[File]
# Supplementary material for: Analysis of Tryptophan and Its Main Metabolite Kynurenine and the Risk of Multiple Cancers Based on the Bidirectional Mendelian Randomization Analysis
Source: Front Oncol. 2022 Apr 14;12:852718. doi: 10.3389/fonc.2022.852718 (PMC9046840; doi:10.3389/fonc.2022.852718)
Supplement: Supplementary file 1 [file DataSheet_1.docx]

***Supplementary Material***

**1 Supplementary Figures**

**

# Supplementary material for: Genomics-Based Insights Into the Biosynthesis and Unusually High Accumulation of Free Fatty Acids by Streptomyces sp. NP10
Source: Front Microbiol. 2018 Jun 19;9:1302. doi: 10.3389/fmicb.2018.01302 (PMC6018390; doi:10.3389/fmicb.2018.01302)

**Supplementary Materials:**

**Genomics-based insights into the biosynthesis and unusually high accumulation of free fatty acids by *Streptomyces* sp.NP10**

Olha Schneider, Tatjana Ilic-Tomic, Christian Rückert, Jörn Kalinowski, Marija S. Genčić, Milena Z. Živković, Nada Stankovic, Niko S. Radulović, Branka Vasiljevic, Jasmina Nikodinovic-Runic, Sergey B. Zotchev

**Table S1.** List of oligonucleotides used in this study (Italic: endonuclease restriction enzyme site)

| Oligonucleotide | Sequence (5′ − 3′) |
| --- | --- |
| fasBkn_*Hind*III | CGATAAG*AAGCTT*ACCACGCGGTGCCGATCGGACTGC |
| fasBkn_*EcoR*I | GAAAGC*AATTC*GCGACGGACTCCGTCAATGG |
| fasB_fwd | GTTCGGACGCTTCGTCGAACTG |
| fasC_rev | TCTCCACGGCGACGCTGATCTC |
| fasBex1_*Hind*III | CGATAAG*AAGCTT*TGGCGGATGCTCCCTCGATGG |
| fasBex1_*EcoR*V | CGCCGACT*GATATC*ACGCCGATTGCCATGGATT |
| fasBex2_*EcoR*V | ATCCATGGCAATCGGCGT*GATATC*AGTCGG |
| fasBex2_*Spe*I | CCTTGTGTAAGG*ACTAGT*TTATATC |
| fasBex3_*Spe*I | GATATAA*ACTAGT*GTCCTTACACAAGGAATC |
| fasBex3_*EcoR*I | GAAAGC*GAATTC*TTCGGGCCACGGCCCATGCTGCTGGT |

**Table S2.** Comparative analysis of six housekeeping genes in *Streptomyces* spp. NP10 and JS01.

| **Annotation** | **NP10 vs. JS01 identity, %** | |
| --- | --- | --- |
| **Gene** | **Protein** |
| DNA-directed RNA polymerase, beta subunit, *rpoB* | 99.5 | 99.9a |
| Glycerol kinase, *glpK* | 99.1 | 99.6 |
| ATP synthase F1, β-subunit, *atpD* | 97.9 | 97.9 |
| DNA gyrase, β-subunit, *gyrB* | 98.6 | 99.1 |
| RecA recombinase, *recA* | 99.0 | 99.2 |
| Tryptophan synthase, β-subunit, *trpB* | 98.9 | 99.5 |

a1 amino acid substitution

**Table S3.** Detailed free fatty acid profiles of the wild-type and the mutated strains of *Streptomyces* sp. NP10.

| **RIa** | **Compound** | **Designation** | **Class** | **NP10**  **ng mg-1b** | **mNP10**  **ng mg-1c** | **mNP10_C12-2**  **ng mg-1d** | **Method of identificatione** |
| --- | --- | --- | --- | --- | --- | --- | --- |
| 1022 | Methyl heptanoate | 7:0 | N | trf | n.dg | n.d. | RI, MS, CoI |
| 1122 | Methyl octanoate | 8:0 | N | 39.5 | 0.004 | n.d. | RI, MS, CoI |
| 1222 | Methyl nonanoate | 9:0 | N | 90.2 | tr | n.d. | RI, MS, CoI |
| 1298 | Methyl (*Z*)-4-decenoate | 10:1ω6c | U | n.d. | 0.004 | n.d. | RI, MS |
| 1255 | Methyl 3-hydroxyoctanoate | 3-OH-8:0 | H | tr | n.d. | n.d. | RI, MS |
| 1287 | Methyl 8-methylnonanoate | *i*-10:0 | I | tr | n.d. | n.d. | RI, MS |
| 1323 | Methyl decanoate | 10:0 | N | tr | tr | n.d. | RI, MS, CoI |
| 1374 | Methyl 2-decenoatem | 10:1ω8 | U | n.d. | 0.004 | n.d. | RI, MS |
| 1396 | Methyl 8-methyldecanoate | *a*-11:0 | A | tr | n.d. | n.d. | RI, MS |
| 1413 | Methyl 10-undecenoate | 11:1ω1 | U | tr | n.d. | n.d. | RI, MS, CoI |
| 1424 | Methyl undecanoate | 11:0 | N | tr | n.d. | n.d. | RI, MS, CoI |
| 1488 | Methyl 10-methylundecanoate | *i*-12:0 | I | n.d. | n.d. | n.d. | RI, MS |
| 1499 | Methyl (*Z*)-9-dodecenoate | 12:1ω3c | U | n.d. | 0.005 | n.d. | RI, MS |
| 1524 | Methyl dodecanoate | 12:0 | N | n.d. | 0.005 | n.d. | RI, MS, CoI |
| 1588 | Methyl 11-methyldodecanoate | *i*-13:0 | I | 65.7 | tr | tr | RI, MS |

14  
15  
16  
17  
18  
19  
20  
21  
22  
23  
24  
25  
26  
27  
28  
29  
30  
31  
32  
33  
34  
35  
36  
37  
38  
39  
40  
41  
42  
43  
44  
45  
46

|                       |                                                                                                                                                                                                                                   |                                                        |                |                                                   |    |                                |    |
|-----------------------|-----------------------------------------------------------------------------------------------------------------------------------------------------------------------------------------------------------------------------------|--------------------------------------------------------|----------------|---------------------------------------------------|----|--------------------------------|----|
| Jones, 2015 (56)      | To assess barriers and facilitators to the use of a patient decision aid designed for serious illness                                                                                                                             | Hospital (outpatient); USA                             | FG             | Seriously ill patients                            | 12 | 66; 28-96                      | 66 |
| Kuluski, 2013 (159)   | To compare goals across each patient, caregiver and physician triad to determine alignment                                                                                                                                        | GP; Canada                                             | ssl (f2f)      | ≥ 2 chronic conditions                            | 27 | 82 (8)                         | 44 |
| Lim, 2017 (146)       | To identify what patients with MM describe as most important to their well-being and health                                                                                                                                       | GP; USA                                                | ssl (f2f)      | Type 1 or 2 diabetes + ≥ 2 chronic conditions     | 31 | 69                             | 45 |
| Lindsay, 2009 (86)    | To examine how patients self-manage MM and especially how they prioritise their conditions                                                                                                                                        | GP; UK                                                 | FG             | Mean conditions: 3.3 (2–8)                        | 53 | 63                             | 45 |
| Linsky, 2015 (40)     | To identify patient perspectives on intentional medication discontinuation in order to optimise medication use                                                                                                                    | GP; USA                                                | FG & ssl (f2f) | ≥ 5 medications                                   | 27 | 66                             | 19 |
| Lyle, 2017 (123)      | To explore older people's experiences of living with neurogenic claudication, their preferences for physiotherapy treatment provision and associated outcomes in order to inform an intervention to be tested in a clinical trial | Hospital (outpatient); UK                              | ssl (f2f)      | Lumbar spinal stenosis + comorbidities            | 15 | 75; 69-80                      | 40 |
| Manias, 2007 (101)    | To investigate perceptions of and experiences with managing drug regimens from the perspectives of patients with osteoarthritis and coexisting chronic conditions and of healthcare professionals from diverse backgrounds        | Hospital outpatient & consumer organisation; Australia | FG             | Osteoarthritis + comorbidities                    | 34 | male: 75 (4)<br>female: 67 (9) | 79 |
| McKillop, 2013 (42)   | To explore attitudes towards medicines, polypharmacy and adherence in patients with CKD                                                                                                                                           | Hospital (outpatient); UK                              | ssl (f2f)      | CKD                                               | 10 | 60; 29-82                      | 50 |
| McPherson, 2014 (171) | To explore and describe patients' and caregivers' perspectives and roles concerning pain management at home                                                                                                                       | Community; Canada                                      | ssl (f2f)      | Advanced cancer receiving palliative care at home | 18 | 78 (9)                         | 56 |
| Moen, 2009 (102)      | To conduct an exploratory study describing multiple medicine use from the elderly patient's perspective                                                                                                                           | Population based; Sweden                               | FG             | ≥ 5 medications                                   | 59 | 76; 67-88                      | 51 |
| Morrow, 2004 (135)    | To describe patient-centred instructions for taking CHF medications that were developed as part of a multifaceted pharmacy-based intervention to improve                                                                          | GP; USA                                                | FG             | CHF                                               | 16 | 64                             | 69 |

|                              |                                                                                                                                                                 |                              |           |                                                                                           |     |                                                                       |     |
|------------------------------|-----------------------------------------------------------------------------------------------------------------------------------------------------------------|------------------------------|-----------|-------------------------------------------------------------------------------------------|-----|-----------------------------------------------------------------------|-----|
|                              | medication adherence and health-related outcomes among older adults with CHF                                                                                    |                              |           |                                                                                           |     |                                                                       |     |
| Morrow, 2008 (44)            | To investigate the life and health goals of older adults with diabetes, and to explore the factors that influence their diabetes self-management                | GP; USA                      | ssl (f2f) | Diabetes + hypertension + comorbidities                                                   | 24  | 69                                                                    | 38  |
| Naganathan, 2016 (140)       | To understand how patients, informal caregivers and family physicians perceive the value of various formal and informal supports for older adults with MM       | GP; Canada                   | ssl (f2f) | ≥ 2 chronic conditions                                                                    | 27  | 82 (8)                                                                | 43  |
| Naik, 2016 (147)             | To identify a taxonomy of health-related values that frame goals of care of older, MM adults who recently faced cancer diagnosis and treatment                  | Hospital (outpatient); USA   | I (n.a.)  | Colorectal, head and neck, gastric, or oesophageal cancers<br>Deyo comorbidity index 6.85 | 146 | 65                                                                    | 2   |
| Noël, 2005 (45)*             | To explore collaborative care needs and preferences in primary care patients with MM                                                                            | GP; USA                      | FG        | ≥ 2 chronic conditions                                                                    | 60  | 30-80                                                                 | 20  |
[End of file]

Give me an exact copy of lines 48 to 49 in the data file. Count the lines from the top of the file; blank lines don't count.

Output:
| 1413 | Methyl 10-undecenoate | 11:1ω1 | U | tr | n.d. | n.d. | RI, MS, CoI |
| 1424 | Methyl undecanoate | 11:0 | N | tr | n.d. | n.d. | RI, MS, CoI |